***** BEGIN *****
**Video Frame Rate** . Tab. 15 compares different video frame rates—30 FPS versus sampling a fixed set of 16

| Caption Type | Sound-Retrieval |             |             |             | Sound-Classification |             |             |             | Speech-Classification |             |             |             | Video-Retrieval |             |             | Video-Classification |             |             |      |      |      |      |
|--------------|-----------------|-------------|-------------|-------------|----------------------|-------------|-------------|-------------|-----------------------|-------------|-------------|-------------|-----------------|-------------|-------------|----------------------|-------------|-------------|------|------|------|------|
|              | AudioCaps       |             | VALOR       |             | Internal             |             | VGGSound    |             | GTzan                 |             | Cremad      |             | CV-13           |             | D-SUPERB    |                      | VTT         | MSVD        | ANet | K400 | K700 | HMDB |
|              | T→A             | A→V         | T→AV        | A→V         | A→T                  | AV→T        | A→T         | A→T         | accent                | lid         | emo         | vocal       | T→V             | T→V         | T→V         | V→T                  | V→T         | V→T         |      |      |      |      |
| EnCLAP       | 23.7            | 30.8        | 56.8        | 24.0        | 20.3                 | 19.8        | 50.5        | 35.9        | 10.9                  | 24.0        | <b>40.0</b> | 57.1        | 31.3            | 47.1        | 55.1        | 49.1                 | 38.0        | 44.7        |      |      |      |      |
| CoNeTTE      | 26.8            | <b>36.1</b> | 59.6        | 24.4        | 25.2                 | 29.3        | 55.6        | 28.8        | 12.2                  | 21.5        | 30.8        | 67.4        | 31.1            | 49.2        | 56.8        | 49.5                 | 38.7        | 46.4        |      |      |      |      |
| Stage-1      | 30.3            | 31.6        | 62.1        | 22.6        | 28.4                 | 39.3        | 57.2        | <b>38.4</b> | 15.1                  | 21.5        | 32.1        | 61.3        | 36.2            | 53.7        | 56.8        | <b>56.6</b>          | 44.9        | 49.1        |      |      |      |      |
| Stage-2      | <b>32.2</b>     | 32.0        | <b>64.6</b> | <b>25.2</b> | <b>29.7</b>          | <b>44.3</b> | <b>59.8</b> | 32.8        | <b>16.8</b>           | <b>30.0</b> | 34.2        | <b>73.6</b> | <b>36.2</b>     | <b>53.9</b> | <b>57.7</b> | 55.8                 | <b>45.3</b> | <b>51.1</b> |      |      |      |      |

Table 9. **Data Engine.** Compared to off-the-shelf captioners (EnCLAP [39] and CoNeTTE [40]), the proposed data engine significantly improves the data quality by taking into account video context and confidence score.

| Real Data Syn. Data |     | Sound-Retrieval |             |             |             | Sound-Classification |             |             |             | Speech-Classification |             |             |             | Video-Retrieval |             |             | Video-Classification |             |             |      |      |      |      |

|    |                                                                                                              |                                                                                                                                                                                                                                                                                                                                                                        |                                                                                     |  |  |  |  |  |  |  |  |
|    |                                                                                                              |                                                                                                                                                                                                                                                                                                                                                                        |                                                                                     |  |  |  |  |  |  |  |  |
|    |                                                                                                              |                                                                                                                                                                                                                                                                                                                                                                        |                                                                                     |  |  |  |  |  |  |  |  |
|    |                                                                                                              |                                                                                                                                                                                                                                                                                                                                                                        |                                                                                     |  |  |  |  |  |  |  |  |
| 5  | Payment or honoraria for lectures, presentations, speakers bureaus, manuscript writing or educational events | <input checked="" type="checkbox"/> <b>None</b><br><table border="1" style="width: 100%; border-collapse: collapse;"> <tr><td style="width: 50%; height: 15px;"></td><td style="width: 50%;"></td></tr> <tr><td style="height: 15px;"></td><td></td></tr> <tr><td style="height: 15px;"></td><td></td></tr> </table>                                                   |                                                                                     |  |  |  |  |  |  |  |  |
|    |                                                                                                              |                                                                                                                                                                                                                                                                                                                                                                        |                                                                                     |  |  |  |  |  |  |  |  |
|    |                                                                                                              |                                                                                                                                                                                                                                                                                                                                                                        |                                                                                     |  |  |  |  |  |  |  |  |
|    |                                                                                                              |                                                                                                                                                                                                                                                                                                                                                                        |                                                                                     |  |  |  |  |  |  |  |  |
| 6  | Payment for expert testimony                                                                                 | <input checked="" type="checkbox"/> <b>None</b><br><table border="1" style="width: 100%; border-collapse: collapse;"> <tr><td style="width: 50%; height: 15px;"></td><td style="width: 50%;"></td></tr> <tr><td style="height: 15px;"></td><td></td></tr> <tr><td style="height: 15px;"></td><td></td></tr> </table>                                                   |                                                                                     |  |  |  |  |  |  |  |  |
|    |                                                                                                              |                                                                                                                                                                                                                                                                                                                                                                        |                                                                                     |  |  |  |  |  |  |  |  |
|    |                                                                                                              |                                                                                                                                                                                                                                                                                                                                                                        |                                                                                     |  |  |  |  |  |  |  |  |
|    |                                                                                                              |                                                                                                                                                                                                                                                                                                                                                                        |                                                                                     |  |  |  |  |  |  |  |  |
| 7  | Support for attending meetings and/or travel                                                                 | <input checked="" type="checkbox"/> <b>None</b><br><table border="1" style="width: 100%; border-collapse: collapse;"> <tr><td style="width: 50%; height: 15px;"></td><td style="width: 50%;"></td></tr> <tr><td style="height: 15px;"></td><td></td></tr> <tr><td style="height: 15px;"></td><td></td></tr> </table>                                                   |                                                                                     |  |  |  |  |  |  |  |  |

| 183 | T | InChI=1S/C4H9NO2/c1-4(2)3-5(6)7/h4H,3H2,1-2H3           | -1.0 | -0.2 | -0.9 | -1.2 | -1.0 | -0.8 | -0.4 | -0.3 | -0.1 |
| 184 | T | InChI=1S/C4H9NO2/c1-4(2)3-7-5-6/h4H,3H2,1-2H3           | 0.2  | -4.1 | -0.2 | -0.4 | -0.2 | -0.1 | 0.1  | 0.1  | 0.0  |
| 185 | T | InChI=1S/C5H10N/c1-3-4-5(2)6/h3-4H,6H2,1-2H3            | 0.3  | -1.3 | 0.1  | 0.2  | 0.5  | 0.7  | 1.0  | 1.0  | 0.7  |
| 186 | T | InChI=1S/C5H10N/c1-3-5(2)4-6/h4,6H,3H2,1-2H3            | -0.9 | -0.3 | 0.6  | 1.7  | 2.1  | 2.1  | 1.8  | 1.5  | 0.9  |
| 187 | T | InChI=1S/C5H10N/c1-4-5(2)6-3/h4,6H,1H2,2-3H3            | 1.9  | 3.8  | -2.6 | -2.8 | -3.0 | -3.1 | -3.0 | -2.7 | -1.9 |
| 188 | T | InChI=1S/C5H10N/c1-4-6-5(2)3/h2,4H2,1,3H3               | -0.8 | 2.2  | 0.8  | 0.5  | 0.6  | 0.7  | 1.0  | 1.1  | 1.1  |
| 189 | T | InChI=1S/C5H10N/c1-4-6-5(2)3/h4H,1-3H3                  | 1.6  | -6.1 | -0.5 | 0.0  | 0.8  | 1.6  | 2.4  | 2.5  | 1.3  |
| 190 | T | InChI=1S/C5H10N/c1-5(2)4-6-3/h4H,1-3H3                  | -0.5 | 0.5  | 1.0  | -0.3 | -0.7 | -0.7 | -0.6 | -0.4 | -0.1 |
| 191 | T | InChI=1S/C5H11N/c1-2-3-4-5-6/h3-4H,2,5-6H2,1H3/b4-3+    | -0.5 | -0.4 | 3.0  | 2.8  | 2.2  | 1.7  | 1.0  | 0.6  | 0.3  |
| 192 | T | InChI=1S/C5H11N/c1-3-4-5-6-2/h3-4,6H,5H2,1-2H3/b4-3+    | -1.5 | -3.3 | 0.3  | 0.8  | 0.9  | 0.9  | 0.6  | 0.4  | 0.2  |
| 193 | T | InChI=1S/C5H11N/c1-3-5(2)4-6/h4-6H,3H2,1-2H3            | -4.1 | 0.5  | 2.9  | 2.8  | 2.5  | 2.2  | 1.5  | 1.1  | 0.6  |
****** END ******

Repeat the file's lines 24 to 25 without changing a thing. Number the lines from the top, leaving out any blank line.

| 7  | Support for attending meetings and/or travel                                                                 | <input checked="" type="checkbox"/> <b>None</b><br><table border="1" style="width: 100%; border-collapse: collapse;"> <tr><td style="width: 50%; height: 15px;"></td><td style="width: 50%;"></td></tr> <tr><td style="height: 15px;"></td><td></td></tr> <tr><td style="height: 15px;"></td><td></td></tr> </table>                                                   |                                                                                     |  |  |  |  |  |  |  |  |

| 183 | T | InChI=1S/C4H9NO2/c1-4(2)3-5(6)7/h4H,3H2,1-2H3           | -1.0 | -0.2 | -0.9 | -1.2 | -1.0 | -0.8 | -0.4 | -0.3 | -0.1 |